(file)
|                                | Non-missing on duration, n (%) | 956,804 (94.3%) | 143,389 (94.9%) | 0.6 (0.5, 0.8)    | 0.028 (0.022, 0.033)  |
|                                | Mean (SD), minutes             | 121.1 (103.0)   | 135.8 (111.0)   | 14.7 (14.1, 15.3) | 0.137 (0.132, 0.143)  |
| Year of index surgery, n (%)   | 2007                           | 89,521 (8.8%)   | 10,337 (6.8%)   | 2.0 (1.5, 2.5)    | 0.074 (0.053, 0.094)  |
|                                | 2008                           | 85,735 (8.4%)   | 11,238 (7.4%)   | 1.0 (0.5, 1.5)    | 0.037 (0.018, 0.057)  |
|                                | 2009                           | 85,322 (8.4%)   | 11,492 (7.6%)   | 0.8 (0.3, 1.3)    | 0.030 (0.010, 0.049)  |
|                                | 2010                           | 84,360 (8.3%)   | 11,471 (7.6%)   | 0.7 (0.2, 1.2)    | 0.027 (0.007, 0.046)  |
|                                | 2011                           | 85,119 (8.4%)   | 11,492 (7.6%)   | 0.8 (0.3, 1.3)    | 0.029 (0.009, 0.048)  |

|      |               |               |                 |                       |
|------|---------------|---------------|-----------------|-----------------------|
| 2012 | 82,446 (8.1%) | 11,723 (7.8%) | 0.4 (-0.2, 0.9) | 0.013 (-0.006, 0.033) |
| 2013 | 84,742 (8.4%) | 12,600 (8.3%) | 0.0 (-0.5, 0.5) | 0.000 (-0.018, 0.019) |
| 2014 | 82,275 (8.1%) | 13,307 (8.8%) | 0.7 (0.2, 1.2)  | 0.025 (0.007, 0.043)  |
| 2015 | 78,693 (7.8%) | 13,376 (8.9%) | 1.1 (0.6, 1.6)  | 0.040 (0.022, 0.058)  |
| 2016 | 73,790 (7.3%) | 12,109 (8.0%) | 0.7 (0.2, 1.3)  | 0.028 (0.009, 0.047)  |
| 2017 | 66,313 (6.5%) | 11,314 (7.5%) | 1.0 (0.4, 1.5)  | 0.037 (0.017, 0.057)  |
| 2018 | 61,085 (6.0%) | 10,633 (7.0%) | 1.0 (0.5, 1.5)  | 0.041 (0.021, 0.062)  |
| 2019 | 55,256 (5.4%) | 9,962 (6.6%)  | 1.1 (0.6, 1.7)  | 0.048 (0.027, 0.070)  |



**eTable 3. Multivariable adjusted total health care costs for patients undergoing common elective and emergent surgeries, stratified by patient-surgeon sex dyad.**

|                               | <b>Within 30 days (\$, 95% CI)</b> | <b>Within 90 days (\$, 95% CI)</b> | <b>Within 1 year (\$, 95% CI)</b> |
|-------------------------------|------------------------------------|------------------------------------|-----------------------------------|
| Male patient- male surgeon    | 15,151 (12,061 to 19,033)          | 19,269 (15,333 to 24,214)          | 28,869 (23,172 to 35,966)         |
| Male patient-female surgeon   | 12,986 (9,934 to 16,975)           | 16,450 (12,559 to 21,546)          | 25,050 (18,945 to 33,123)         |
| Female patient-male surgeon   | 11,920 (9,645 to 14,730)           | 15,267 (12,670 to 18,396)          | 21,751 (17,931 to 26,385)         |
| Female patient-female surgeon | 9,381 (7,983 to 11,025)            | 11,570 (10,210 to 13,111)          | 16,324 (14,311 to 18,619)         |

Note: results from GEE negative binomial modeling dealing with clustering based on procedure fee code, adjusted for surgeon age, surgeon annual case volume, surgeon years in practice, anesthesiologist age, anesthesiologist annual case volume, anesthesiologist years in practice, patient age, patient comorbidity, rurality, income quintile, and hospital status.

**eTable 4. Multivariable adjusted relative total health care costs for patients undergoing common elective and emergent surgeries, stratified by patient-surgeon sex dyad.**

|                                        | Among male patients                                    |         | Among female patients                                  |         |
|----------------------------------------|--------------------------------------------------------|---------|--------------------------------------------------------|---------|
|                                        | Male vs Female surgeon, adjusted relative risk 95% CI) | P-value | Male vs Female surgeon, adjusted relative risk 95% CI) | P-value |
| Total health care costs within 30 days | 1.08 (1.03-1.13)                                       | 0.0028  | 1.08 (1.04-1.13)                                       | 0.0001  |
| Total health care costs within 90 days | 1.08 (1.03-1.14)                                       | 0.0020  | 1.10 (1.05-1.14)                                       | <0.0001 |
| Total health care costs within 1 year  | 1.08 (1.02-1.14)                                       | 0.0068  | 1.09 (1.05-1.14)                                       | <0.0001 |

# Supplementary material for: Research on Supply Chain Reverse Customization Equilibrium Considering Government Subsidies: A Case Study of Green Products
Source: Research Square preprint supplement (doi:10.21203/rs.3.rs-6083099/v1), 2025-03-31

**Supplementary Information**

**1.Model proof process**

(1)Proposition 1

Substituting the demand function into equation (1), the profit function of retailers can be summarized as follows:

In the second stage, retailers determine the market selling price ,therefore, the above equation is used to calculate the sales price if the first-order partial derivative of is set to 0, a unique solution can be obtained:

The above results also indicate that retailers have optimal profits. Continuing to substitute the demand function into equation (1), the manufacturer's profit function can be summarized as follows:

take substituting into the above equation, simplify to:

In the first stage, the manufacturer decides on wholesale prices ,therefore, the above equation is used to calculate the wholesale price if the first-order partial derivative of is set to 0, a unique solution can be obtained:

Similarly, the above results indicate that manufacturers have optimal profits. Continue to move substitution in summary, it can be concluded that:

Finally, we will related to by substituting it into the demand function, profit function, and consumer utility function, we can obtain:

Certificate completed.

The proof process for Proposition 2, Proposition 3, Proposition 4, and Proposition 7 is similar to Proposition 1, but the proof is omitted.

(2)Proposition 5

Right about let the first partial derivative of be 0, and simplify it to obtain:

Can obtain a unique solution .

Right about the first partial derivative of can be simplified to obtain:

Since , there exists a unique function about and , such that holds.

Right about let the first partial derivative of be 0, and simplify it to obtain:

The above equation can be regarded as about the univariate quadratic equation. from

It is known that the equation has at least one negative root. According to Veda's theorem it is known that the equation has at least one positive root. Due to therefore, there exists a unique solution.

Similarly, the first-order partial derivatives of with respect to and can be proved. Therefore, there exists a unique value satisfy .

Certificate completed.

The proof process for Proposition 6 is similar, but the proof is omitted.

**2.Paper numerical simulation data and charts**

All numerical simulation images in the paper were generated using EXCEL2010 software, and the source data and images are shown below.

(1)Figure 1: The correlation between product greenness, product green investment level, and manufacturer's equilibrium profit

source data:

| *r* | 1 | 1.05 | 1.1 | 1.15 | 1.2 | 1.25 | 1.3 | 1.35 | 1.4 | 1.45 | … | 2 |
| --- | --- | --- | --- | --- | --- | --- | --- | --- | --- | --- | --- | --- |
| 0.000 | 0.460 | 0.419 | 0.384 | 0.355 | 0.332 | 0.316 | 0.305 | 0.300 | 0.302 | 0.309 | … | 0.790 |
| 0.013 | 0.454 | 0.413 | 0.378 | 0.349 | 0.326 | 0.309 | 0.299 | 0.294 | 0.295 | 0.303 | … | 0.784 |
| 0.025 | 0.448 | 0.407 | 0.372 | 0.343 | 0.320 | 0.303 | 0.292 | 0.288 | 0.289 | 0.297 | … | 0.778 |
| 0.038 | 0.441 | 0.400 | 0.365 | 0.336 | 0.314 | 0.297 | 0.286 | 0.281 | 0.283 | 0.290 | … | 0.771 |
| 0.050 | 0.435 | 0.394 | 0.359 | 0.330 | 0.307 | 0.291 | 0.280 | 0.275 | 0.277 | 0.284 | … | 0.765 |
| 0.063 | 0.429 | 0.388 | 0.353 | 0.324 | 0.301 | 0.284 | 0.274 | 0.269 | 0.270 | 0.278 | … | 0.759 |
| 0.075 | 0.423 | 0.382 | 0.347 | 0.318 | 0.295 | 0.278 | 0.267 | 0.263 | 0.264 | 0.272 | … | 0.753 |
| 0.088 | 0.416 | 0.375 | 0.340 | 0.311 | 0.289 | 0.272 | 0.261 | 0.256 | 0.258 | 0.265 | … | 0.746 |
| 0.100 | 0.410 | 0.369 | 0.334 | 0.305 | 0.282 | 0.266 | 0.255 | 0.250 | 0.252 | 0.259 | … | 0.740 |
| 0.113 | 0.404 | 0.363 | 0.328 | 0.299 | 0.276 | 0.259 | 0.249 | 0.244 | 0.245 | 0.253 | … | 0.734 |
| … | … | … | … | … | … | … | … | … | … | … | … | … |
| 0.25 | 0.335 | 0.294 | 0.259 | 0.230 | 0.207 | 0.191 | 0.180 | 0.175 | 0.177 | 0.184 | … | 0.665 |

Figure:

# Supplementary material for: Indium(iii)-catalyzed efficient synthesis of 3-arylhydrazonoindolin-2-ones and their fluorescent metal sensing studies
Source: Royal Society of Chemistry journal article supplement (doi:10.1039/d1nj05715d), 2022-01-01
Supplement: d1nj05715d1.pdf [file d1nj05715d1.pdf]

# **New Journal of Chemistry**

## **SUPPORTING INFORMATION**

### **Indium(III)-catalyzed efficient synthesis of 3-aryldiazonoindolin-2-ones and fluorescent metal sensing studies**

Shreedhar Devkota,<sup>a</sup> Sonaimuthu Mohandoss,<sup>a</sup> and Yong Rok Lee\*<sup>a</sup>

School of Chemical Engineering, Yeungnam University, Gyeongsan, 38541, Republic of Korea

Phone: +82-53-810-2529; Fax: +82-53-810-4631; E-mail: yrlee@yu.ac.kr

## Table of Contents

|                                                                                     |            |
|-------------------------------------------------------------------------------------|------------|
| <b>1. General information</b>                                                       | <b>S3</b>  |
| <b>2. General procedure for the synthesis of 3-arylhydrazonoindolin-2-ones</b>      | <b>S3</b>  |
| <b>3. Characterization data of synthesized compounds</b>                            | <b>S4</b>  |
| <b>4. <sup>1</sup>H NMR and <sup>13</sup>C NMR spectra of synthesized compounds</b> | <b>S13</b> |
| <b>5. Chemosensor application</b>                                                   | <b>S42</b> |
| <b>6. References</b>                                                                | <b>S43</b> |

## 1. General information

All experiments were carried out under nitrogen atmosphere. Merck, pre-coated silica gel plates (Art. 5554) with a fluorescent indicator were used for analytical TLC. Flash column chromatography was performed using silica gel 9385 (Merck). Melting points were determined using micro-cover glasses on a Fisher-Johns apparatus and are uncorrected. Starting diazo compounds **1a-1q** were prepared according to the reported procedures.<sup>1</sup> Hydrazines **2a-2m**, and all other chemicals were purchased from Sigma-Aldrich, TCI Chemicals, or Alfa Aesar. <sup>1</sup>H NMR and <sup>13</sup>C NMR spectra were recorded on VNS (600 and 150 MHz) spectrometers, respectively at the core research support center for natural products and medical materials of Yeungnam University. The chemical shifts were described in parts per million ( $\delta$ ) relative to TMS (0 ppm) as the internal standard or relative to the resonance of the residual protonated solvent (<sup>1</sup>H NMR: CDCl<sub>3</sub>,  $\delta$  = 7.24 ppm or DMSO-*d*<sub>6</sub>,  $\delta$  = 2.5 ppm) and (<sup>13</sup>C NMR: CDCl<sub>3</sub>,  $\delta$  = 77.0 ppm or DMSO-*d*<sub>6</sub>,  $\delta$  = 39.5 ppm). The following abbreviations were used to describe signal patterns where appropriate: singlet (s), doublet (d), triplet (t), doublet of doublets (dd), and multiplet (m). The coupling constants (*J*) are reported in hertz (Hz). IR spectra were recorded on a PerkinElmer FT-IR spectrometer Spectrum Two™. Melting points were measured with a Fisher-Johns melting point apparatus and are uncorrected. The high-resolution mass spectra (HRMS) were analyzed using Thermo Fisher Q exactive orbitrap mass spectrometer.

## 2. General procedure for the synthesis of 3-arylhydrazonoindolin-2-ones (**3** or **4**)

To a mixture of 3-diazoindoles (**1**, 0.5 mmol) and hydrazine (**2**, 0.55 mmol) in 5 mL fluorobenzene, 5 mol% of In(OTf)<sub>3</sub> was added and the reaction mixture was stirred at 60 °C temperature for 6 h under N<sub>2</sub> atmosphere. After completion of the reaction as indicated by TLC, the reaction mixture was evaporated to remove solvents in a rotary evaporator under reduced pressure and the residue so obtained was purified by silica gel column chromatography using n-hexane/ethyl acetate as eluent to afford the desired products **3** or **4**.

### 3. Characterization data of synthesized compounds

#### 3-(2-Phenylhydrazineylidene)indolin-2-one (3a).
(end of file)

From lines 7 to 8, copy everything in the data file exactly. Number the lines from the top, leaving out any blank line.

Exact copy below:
|                                | 2011                           | 85,119 (8.4%)   | 11,492 (7.6%)   | 0.8 (0.3, 1.3)    | 0.029 (0.009, 0.048)  |

|      |               |               |                 |                       |